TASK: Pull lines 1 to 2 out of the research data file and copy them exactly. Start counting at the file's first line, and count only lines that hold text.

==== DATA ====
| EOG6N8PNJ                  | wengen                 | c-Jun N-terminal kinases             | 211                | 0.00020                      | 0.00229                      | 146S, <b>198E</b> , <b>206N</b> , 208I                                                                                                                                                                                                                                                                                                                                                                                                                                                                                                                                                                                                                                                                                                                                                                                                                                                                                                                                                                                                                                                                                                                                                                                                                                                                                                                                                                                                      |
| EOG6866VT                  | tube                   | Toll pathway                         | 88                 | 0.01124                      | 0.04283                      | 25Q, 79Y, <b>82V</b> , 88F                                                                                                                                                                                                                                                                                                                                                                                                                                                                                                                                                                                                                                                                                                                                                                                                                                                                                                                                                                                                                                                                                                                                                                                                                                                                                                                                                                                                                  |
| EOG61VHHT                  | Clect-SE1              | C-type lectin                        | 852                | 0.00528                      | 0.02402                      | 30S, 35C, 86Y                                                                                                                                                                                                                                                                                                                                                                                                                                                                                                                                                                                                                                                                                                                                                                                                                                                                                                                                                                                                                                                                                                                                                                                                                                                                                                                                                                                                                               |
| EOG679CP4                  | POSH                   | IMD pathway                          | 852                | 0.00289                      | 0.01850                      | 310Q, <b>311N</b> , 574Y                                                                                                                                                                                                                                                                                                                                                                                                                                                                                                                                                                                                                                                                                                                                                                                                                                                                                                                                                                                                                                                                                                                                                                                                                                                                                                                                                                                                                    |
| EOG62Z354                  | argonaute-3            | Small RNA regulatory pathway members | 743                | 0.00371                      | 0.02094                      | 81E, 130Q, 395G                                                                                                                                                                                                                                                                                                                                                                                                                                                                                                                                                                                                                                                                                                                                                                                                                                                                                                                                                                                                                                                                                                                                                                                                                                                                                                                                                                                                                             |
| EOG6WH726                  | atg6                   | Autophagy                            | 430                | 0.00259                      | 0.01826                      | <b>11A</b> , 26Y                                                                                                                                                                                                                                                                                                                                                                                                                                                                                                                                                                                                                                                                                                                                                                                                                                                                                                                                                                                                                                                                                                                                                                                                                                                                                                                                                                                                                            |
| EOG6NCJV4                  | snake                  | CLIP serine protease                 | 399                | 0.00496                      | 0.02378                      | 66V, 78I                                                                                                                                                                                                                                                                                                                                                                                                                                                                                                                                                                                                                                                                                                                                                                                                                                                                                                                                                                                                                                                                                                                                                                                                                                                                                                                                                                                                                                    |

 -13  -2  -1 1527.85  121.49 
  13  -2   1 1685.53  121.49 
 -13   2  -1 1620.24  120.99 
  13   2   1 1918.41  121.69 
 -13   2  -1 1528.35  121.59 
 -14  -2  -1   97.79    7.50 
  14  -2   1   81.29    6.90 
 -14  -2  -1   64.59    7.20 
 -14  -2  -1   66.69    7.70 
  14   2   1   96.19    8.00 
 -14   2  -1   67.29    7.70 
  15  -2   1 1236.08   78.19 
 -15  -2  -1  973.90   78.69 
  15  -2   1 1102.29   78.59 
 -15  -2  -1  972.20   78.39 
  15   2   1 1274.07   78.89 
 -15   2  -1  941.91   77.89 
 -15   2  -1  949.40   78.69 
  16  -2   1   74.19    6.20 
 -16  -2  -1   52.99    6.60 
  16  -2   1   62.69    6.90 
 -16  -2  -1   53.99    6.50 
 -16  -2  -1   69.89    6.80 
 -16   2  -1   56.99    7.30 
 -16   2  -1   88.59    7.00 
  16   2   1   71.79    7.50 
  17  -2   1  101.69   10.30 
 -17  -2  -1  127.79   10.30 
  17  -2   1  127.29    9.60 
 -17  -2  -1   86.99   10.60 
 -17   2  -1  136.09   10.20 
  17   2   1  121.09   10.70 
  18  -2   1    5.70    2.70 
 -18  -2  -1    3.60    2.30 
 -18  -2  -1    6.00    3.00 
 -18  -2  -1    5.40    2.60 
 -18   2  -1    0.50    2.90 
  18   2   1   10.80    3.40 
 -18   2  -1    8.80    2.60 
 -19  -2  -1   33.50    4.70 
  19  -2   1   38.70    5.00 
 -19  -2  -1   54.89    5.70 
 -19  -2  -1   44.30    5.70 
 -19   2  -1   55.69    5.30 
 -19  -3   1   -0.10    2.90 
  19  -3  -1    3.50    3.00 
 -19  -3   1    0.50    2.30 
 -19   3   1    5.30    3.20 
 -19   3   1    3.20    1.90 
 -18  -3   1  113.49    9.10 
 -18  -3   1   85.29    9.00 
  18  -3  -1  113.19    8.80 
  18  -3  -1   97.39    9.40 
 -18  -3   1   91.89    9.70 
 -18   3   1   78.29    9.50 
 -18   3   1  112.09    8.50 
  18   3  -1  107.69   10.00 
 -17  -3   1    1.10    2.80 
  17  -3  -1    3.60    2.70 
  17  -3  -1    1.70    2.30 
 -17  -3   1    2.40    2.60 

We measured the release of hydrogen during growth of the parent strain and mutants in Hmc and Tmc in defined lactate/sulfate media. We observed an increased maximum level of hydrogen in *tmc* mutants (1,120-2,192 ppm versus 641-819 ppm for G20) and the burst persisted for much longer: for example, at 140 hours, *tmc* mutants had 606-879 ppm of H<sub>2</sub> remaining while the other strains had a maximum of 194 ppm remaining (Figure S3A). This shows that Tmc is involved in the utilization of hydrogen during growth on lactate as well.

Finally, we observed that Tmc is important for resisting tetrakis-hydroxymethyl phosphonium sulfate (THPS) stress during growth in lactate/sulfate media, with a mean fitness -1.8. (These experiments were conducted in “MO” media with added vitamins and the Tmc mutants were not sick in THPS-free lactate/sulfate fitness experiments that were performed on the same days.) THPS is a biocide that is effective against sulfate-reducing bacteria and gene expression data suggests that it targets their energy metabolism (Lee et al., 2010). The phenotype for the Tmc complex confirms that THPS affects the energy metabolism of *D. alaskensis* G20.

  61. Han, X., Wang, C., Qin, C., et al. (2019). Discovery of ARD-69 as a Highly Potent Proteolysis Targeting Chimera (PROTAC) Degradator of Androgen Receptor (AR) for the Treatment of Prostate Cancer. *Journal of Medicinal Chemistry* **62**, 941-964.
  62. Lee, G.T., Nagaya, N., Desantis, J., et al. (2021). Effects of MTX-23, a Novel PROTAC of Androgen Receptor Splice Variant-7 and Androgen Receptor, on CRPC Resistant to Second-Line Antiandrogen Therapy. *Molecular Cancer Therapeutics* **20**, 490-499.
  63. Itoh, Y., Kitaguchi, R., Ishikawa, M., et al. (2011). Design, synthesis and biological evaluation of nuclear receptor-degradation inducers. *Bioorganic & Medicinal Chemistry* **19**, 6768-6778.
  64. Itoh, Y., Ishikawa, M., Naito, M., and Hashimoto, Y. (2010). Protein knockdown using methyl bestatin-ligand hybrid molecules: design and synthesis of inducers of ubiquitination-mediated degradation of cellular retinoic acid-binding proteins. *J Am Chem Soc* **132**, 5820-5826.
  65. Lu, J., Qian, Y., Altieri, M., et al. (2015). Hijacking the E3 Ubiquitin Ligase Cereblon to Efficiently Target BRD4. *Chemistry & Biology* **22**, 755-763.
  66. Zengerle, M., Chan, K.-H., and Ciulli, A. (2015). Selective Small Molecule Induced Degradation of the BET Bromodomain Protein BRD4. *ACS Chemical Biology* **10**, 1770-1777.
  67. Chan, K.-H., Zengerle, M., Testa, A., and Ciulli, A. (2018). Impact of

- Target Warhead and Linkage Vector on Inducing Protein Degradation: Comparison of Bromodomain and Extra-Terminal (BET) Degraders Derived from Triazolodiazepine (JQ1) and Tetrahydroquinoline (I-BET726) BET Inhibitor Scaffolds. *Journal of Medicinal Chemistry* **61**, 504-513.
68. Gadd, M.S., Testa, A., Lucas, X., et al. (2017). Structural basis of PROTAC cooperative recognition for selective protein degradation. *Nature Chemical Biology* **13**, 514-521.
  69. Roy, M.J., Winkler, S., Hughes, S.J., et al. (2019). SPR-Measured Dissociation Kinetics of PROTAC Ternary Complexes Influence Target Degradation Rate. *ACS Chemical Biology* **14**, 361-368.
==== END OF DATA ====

| EOG6N8PNJ                  | wengen                 | c-Jun N-terminal kinases             | 211                | 0.00020                      | 0.00229                      | 146S, <b>198E</b> , <b>206N</b> , 208I                                                                                                                                                                                                                                                                                                                                                                                                                                                                                                                                                                                                                                                                                                                                                                                                                                                                                                                                                                                                                                                                                                                                                                                                                                                                                                                                                                                                      |
| EOG6866VT                  | tube                   | Toll pathway                         | 88                 | 0.01124                      | 0.04283                      | 25Q, 79Y, <b>82V</b> , 88F                                                                                                                                                                                                                                                                                                                                                                                                                                                                                                                                                                                                                                                                                                                                                                                                                                                                                                                                                                                                                                                                                                                                                                                                                                                                                                                                                                                                                  |